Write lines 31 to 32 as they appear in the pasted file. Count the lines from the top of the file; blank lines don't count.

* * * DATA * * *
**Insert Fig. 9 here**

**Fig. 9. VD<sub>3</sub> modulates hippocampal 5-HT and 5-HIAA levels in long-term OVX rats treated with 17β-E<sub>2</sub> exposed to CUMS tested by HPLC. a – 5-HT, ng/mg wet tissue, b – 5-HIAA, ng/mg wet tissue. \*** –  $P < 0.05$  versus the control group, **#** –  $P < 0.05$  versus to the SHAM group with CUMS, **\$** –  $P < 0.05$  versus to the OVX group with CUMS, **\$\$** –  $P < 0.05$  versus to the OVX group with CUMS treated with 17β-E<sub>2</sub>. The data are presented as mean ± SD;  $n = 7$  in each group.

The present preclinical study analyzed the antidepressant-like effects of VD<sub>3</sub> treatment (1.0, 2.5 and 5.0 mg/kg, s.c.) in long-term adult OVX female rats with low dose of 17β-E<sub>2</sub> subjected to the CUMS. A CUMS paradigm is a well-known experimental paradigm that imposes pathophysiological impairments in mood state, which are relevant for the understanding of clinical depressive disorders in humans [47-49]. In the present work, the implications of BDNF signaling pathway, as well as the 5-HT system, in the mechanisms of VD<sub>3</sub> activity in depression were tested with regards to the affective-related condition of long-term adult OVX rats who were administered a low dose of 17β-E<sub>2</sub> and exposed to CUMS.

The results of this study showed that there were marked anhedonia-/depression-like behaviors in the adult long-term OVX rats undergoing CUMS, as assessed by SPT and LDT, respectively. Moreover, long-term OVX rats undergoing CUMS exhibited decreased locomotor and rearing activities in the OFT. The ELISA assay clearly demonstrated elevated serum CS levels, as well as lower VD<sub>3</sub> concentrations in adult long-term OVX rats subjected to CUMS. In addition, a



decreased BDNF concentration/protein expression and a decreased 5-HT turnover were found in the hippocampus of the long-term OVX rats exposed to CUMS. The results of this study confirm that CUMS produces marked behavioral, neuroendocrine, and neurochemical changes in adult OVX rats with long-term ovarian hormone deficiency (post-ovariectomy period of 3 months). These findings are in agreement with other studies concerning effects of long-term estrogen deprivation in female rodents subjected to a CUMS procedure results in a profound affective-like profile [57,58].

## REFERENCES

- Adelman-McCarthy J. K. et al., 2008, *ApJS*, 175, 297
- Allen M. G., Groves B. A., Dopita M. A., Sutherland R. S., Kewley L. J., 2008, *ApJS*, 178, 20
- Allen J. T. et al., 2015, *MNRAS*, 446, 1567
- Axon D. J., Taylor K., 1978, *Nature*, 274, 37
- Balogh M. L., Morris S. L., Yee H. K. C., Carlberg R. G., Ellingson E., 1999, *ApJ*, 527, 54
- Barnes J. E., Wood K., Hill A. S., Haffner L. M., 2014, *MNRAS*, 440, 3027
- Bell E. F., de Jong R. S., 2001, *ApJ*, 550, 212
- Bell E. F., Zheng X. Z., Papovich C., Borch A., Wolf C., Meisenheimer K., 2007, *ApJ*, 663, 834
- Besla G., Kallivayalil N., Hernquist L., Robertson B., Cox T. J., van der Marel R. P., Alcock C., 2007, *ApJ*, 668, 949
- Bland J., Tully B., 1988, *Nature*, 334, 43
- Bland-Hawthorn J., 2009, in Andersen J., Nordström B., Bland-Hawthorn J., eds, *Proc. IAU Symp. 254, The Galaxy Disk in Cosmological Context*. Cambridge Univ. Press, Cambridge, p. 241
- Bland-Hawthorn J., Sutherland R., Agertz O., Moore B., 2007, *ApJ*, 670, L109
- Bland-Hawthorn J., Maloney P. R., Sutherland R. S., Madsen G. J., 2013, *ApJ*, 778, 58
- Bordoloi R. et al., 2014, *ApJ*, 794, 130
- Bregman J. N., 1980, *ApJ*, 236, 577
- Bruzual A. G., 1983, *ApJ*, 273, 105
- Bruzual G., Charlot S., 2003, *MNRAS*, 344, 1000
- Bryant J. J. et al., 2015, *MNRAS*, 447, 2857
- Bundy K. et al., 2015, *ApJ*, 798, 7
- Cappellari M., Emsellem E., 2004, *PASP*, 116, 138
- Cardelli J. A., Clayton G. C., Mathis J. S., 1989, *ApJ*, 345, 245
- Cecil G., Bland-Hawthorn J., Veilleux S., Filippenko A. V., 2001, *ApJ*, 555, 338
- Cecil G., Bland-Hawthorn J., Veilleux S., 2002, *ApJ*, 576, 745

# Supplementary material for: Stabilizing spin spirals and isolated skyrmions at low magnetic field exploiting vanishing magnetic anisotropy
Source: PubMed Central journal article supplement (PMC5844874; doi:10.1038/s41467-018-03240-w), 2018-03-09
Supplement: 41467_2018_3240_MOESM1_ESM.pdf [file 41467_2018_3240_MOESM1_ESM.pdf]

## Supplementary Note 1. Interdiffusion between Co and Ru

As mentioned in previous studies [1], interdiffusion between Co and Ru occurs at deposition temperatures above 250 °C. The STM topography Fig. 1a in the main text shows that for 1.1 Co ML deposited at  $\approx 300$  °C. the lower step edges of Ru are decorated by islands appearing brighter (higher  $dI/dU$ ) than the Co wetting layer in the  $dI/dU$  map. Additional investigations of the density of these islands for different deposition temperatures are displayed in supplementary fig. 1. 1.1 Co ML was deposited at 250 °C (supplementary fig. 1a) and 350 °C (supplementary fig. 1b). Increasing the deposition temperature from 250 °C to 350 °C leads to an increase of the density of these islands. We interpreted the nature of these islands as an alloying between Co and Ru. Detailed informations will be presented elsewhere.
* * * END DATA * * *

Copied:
Source: PubMed Central journal article supplement (PMC5844874; doi:10.1038/s41467-018-03240-w), 2018-03-09
Supplement: 41467_2018_3240_MOESM1_ESM.pdf [file 41467_2018_3240_MOESM1_ESM.pdf]